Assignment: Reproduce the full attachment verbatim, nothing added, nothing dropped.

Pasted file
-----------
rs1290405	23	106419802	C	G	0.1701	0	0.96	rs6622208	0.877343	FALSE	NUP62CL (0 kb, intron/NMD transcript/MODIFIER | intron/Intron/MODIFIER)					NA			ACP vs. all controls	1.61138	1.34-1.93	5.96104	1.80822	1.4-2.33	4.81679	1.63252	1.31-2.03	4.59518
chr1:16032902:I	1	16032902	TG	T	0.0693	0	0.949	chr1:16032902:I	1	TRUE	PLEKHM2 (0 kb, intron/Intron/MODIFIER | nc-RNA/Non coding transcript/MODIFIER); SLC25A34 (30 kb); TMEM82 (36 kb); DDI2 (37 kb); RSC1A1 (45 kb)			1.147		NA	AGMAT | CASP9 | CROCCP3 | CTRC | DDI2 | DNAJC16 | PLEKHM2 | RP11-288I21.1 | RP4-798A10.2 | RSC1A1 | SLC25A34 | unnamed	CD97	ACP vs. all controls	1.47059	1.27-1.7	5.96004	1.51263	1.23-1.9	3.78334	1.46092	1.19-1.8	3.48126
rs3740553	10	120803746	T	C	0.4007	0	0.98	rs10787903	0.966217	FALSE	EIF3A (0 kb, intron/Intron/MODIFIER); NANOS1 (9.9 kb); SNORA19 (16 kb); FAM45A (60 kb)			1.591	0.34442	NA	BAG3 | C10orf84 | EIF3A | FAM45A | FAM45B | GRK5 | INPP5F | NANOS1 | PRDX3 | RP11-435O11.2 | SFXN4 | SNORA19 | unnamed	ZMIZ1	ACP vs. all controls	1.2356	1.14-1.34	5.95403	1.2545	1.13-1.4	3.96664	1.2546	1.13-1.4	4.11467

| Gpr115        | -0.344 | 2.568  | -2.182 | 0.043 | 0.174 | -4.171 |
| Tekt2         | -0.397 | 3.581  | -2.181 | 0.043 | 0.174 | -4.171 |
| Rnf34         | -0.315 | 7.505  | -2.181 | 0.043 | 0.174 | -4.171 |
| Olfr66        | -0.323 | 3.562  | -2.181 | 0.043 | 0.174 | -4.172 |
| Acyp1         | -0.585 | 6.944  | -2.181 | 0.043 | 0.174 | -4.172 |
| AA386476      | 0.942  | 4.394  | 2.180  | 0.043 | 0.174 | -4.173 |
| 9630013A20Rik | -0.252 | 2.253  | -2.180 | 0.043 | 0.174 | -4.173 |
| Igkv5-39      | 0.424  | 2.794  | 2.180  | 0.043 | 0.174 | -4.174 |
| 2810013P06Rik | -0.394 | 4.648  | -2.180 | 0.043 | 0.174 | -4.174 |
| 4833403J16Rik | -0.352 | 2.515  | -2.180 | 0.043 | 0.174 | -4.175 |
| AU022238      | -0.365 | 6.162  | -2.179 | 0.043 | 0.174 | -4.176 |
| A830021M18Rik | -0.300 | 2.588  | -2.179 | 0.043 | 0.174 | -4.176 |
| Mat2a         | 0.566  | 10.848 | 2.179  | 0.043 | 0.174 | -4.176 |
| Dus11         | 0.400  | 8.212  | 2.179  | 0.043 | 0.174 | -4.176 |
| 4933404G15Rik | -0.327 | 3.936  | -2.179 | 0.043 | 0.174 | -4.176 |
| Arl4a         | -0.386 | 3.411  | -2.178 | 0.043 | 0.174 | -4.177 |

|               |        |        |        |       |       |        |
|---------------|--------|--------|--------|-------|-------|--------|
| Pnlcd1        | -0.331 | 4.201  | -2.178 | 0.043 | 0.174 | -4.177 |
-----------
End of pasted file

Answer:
rs1290405	23	106419802	C	G	0.1701	0	0.96	rs6622208	0.877343	FALSE	NUP62CL (0 kb, intron/NMD transcript/MODIFIER | intron/Intron/MODIFIER)					NA			ACP vs. all controls	1.61138	1.34-1.93	5.96104	1.80822	1.4-2.33	4.81679	1.63252	1.31-2.03	4.59518
chr1:16032902:I	1	16032902	TG	T	0.0693	0	0.949	chr1:16032902:I	1	TRUE	PLEKHM2 (0 kb, intron/Intron/MODIFIER | nc-RNA/Non coding transcript/MODIFIER); SLC25A34 (30 kb); TMEM82 (36 kb); DDI2 (37 kb); RSC1A1 (45 kb)			1.147		NA	AGMAT | CASP9 | CROCCP3 | CTRC | DDI2 | DNAJC16 | PLEKHM2 | RP11-288I21.1 | RP4-798A10.2 | RSC1A1 | SLC25A34 | unnamed	CD97	ACP vs. all controls	1.47059	1.27-1.7	5.96004	1.51263	1.23-1.9	3.78334	1.46092	1.19-1.8	3.48126
rs3740553	10	120803746	T	C	0.4007	0	0.98	rs10787903	0.966217	FALSE	EIF3A (0 kb, intron/Intron/MODIFIER); NANOS1 (9.9 kb); SNORA19 (16 kb); FAM45A (60 kb)			1.591	0.34442	NA	BAG3 | C10orf84 | EIF3A | FAM45A | FAM45B | GRK5 | INPP5F | NANOS1 | PRDX3 | RP11-435O11.2 | SFXN4 | SNORA19 | unnamed	ZMIZ1	ACP vs. all controls	1.2356	1.14-1.34	5.95403	1.2545	1.13-1.4	3.96664	1.2546	1.13-1.4	4.11467

| Gpr115        | -0.344 | 2.568  | -2.182 | 0.043 | 0.174 | -4.171 |
| Tekt2         | -0.397 | 3.581  | -2.181 | 0.043 | 0.174 | -4.171 |
| Rnf34         | -0.315 | 7.505  | -2.181 | 0.043 | 0.174 | -4.171 |
| Olfr66        | -0.323 | 3.562  | -2.181 | 0.043 | 0.174 | -4.172 |
| Acyp1         | -0.585 | 6.944  | -2.181 | 0.043 | 0.174 | -4.172 |
| AA386476      | 0.942  | 4.394  | 2.180  | 0.043 | 0.174 | -4.173 |
| 9630013A20Rik | -0.252 | 2.253  | -2.180 | 0.043 | 0.174 | -4.173 |
| Igkv5-39      | 0.424  | 2.794  | 2.180  | 0.043 | 0.174 | -4.174 |
| 2810013P06Rik | -0.394 | 4.648  | -2.180 | 0.043 | 0.174 | -4.174 |
| 4833403J16Rik | -0.352 | 2.515  | -2.180 | 0.043 | 0.174 | -4.175 |
| AU022238      | -0.365 | 6.162  | -2.179 | 0.043 | 0.174 | -4.176 |
| A830021M18Rik | -0.300 | 2.588  | -2.179 | 0.043 | 0.174 | -4.176 |
| Mat2a         | 0.566  | 10.848 | 2.179  | 0.043 | 0.174 | -4.176 |
| Dus11         | 0.400  | 8.212  | 2.179  | 0.043 | 0.174 | -4.176 |
| 4933404G15Rik | -0.327 | 3.936  | -2.179 | 0.043 | 0.174 | -4.176 |
| Arl4a         | -0.386 | 3.411  | -2.178 | 0.043 | 0.174 | -4.177 |

|               |        |        |        |       |       |        |
|---------------|--------|--------|--------|-------|-------|--------|
| Pnlcd1        | -0.331 | 4.201  | -2.178 | 0.043 | 0.174 | -4.177 |